Overview: Canada experienced minimal terrorist activity in 2017. The main external terrorist threats to Canada are from terrorist groups such as ISIS and al-Qa'ida and their sympathizers, while the main internal threat is from lone actors inspired by these groups and ideologies. By the end of 2017, approximately 180 Canadian citizens or permanent residents had traveled abroad to engage in terrorist activity in Syria and Iraq to fight for ISIS and approximately 60 have since returned to Canada. The government has policies and legislation to counter these threats and worked to address the radicalization of its citizens to violence.

The United States worked closely throughout the year with Canada to identify and develop new capabilities that meet a wide variety of requirements for countering terrorist threats. Through a cost-sharing bilateral relationship, both countries advanced their technical ability to defeat or mitigate the evolving capabilities of terrorists and criminal organizations. Canada is a member of the Global Coalition to Defeat ISIS.

2017 Terrorist Incidents: Canada experienced three terrorist incidents in 2017:

  • On January 29, Alexandre Bissonnette entered and opened fire on an Islamic Cultural Centre in Quebec City, killing six people and injuring 19 others. The assailant was charged with six counts of first-degree murder and five of attempted murder. Canada's prime minister classified the mass shooting as a terrorist attack.

  • On June 3, Rehab Dughmosh, a Toronto-area Syrian-born Canadian woman, allegedly attacked several people with a golf club at a Canadian Tire store in Scarborough, Ontario and brandished a large knife from her clothes. Police laid terrorist-related charges against Dughmosh (32) in July, including attempted murder for the benefit of or in association with a terrorist group.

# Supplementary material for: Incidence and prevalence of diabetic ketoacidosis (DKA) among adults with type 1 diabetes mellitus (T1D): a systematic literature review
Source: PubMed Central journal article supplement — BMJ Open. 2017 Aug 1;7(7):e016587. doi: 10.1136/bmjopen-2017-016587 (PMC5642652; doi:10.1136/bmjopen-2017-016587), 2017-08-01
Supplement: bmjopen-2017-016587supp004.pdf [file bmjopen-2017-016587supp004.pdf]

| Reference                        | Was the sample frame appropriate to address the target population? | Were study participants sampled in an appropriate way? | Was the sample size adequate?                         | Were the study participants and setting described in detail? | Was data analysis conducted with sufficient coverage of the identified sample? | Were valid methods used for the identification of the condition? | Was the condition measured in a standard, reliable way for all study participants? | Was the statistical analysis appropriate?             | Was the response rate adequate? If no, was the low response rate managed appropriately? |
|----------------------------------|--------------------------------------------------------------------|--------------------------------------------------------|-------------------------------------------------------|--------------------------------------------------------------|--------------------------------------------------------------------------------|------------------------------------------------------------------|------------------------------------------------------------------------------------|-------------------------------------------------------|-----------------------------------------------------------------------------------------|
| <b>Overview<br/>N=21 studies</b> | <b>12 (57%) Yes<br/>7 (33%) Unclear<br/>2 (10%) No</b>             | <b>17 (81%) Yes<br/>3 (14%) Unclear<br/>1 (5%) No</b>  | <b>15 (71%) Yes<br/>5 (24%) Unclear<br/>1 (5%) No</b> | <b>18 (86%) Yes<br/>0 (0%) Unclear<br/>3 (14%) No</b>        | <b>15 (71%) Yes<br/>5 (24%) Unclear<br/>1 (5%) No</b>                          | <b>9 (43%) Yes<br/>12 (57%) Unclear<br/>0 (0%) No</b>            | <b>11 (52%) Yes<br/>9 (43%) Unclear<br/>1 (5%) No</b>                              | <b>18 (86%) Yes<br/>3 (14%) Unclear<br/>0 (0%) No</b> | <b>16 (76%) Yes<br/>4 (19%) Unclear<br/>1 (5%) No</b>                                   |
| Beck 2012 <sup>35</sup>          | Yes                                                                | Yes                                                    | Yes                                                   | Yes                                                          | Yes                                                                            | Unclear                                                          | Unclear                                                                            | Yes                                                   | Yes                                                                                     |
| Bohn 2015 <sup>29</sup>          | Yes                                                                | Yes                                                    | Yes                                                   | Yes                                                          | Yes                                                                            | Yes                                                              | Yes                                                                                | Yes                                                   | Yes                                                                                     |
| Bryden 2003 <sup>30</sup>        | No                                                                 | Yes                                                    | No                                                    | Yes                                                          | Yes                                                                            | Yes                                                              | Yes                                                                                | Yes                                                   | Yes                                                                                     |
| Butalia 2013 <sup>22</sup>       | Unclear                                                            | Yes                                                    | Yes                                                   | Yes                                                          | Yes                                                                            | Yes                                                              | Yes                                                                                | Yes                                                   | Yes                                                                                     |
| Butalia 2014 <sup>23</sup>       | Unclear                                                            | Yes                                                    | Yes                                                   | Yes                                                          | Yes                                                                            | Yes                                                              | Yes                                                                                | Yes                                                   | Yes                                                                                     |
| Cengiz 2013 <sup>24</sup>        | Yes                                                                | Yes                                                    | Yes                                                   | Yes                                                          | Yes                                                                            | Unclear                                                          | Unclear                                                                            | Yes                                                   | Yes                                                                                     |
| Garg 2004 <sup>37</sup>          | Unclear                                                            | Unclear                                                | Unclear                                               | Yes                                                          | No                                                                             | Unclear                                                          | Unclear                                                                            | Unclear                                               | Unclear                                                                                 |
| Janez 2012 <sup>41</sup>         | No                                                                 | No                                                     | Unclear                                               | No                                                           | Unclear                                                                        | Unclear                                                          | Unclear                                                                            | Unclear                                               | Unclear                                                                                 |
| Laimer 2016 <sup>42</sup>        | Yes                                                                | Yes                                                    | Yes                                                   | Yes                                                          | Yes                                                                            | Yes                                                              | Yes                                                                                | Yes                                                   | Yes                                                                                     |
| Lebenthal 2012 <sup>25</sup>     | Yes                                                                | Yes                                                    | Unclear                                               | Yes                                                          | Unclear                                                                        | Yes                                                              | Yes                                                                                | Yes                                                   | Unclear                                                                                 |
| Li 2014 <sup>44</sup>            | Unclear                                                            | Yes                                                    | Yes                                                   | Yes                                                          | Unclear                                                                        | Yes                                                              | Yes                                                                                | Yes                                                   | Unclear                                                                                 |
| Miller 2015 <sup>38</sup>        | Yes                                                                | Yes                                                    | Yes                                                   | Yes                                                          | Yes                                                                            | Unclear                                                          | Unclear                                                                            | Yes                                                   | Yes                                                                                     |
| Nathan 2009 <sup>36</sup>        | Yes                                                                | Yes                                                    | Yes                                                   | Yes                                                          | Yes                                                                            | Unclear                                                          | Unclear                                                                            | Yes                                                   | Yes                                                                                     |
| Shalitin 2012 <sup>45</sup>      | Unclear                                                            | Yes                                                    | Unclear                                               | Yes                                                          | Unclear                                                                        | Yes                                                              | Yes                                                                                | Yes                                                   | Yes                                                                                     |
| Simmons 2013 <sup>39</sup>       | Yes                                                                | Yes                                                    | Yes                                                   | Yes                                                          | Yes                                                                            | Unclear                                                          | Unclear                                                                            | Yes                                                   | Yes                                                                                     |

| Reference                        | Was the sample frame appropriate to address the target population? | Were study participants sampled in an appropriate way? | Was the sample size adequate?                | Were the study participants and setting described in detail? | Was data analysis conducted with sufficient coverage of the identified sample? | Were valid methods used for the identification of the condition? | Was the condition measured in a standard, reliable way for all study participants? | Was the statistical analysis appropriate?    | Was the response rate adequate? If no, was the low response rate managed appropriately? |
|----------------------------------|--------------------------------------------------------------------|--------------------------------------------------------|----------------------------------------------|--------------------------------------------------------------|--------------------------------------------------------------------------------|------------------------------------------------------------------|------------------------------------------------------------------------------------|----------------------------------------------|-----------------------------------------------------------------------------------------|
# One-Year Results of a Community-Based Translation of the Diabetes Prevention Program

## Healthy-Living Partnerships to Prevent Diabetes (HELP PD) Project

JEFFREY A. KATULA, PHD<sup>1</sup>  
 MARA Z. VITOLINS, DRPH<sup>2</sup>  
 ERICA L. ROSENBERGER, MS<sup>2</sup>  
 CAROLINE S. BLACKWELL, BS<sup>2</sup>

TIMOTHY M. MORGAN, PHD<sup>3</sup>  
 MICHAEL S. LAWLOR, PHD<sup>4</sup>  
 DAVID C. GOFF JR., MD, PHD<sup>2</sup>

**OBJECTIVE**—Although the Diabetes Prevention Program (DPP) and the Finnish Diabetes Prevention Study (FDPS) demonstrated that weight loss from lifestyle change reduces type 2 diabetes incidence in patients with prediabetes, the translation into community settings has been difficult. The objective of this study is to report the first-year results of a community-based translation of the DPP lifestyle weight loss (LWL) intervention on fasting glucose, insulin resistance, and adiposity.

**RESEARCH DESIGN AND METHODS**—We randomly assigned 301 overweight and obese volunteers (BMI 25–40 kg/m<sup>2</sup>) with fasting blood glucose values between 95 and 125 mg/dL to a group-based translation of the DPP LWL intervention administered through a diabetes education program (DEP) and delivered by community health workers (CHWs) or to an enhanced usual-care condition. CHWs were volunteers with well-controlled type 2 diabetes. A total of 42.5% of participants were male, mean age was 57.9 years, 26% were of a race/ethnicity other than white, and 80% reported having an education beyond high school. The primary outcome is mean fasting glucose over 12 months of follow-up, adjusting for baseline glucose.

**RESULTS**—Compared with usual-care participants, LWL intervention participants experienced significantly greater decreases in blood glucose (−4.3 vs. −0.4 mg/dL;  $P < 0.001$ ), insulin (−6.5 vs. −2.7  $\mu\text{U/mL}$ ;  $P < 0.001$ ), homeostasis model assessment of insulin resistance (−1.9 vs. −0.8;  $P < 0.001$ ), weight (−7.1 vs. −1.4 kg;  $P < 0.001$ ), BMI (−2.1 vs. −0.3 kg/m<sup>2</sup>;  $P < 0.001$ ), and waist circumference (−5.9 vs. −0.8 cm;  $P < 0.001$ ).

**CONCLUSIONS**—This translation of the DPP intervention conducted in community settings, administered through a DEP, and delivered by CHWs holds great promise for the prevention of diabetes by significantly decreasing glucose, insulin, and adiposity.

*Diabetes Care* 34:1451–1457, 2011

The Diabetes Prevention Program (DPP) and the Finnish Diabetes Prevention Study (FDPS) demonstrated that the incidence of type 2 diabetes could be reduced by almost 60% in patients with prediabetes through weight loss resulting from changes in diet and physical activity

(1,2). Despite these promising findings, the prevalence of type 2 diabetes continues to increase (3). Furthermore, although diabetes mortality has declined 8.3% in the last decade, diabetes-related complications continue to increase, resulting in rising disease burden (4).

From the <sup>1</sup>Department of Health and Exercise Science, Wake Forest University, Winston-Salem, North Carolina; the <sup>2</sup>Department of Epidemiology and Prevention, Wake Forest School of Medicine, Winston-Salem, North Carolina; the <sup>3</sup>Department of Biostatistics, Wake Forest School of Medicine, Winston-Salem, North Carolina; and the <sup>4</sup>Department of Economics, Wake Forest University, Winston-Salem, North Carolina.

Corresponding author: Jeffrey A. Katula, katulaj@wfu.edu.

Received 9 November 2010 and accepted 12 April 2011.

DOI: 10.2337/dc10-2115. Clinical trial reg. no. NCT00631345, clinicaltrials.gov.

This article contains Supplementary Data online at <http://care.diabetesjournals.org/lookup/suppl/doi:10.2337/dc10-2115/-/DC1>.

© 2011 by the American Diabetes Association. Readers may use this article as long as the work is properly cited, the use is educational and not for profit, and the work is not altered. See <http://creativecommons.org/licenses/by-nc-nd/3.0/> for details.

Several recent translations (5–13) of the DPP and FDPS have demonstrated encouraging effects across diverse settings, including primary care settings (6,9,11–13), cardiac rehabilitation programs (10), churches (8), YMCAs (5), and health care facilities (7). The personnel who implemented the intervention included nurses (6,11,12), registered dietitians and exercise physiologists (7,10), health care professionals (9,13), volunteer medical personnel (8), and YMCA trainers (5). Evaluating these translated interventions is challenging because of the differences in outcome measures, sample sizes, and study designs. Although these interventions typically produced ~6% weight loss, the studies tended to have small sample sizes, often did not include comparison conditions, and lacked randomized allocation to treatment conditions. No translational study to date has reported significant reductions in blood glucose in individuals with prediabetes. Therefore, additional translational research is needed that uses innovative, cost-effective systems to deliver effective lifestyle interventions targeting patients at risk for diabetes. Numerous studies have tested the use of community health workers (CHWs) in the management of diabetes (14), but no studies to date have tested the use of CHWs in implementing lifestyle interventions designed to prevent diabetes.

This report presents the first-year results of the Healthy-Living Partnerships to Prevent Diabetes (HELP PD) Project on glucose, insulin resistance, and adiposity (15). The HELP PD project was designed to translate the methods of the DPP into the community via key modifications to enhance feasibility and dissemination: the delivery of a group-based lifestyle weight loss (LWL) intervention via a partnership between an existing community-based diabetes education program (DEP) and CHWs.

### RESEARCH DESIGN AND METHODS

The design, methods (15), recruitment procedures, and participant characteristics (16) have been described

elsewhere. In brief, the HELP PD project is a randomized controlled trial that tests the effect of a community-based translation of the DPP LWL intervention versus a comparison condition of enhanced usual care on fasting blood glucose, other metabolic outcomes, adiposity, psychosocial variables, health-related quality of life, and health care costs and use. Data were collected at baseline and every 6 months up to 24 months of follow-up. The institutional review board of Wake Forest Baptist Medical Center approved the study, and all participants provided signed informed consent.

• On September 30, Abdulahi Sharif allegedly stabbed one police constable outside a local football game in Edmonton, Alberta and then hit four pedestrians with a truck, in which an ISIS flag was found. A Somalian national and refugee, Sharif (30) was detained by U.S. Immigration and Customs Enforcement in California in 2011 and subsequently released with an "order of supervision." He crossed into Canada in January 2012, where he claimed asylum and was later granted refugee status.

Also, on June 21, Amor Ftouhi, a Tunisian-born Canadian resident of Montreal, Quebec, stabbed a U.S. police officer at Bishop International Airport in Flint, Michigan. During the attack, Ftouhi made reference to killings in Syria and Afghanistan. He was awaiting trial in Detroit, Michigan at the end of 2017.

Legislation, Law Enforcement, and Border Security: In 2017, the following legislative activity impacting the investigation or prosecution of terrorism offenses occurred:

  • C-6 ("An Act to Amend the Citizenship Act") was enacted by the Parliament and received Royal Assent (the final legislative stage) in June. The law repealed conviction for a national security offense as grounds to revoke the citizenship of Canadians with dual nationality.

  • C-22 ("An Act to establish the National Security and Intelligence Committee of Parliamentarians") was enacted by the Parliament and received Royal Assent in June. The law authorized a new parliamentary oversight body to oversee the activity of federal national security and intelligence agencies across government. The Act also allowed the Parliament to review the legislative, regulatory, policy, administrative, and financial framework for national security and intelligence.